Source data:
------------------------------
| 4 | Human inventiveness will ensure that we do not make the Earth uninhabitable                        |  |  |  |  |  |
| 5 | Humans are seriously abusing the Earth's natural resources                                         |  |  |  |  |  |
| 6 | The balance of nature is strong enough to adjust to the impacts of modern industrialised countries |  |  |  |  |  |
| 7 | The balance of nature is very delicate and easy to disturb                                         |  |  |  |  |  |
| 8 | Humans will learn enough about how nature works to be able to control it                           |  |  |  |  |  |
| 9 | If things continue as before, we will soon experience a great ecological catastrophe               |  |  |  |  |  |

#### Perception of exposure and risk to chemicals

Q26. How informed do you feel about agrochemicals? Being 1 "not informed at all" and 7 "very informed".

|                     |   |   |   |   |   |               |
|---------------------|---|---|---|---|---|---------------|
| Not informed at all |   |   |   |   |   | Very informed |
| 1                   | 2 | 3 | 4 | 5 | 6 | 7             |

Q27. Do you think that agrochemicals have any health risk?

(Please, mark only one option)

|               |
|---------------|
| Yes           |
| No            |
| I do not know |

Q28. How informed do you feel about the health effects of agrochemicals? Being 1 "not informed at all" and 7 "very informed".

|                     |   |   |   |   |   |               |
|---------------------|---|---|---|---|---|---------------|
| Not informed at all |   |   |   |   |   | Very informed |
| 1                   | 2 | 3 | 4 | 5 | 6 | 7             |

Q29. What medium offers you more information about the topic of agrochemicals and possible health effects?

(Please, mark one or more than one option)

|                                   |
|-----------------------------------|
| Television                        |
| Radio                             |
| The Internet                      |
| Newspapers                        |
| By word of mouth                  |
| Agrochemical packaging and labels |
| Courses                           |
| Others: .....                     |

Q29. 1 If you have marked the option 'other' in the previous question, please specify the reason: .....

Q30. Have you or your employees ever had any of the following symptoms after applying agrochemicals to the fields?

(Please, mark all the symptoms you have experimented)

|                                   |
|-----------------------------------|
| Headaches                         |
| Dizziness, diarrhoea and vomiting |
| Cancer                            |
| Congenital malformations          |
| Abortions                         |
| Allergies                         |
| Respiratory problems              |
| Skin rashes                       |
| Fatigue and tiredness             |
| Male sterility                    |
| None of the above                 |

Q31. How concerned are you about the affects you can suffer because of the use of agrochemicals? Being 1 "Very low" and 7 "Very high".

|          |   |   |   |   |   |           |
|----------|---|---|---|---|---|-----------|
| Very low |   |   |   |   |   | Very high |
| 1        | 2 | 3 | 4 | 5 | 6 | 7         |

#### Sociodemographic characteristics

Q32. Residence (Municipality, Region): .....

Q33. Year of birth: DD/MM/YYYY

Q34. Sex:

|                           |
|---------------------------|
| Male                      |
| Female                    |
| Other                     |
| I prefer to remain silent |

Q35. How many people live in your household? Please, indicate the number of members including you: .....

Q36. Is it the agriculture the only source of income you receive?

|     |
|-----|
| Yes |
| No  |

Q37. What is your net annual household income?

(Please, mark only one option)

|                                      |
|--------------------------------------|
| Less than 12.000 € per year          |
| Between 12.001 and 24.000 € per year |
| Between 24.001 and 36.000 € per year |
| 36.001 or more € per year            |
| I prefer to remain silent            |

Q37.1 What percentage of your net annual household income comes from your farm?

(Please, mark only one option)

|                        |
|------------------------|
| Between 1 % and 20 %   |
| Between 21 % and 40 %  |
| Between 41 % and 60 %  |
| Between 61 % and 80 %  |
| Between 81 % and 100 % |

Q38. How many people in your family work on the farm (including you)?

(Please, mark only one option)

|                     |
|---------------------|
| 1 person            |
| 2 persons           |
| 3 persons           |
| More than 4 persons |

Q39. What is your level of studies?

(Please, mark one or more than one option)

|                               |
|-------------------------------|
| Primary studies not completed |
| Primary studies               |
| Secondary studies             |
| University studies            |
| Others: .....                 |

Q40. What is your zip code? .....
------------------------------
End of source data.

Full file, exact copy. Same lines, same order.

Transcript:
| 4 | Human inventiveness will ensure that we do not make the Earth uninhabitable                        |  |  |  |  |  |
| 5 | Humans are seriously abusing the Earth's natural resources                                         |  |  |  |  |  |
| 6 | The balance of nature is strong enough to adjust to the impacts of modern industrialised countries |  |  |  |  |  |
| 7 | The balance of nature is very delicate and easy to disturb                                         |  |  |  |  |  |
| 8 | Humans will learn enough about how nature works to be able to control it                           |  |  |  |  |  |
| 9 | If things continue as before, we will soon experience a great ecological catastrophe               |  |  |  |  |  |

#### Perception of exposure and risk to chemicals

Q26. How informed do you feel about agrochemicals? Being 1 "not informed at all" and 7 "very informed".

|                     |   |   |   |   |   |               |
|---------------------|---|---|---|---|---|---------------|
| Not informed at all |   |   |   |   |   | Very informed |
| 1                   | 2 | 3 | 4 | 5 | 6 | 7             |

Q27. Do you think that agrochemicals have any health risk?

(Please, mark only one option)

|               |
|---------------|
| Yes           |
| No            |
| I do not know |

Q28. How informed do you feel about the health effects of agrochemicals? Being 1 "not informed at all" and 7 "very informed".

|                     |   |   |   |   |   |               |
|---------------------|---|---|---|---|---|---------------|
| Not informed at all |   |   |   |   |   | Very informed |
| 1                   | 2 | 3 | 4 | 5 | 6 | 7             |

Q29. What medium offers you more information about the topic of agrochemicals and possible health effects?

(Please, mark one or more than one option)

|                                   |
|-----------------------------------|
| Television                        |
| Radio                             |
| The Internet                      |
| Newspapers                        |
| By word of mouth                  |
| Agrochemical packaging and labels |
| Courses                           |
| Others: .....                     |

Q29. 1 If you have marked the option 'other' in the previous question, please specify the reason: .....

Q30. Have you or your employees ever had any of the following symptoms after applying agrochemicals to the fields?

(Please, mark all the symptoms you have experimented)

|                                   |
|-----------------------------------|
| Headaches                         |
| Dizziness, diarrhoea and vomiting |
| Cancer                            |
| Congenital malformations          |
| Abortions                         |
| Allergies                         |
| Respiratory problems              |
| Skin rashes                       |
| Fatigue and tiredness             |
| Male sterility                    |
| None of the above                 |

Q31. How concerned are you about the affects you can suffer because of the use of agrochemicals? Being 1 "Very low" and 7 "Very high".

|          |   |   |   |   |   |           |
|----------|---|---|---|---|---|-----------|
| Very low |   |   |   |   |   | Very high |
| 1        | 2 | 3 | 4 | 5 | 6 | 7         |

#### Sociodemographic characteristics

Q32. Residence (Municipality, Region): .....

Q33. Year of birth: DD/MM/YYYY

Q34. Sex:

|                           |
|---------------------------|
| Male                      |
| Female                    |
| Other                     |
| I prefer to remain silent |

Q35. How many people live in your household? Please, indicate the number of members including you: .....

Q36. Is it the agriculture the only source of income you receive?

|     |
|-----|
| Yes |
| No  |

Q37. What is your net annual household income?

(Please, mark only one option)

|                                      |
|--------------------------------------|
| Less than 12.000 € per year          |
| Between 12.001 and 24.000 € per year |
| Between 24.001 and 36.000 € per year |
| 36.001 or more € per year            |
| I prefer to remain silent            |

Q37.1 What percentage of your net annual household income comes from your farm?

(Please, mark only one option)

|                        |
|------------------------|
| Between 1 % and 20 %   |
| Between 21 % and 40 %  |
| Between 41 % and 60 %  |
| Between 61 % and 80 %  |
| Between 81 % and 100 % |

Q38. How many people in your family work on the farm (including you)?

(Please, mark only one option)

|                     |
|---------------------|
| 1 person            |
| 2 persons           |
| 3 persons           |
| More than 4 persons |

Q39. What is your level of studies?

(Please, mark one or more than one option)

|                               |
|-------------------------------|
| Primary studies not completed |
| Primary studies               |
| Secondary studies             |
| University studies            |
| Others: .....                 |

Q40. What is your zip code? .....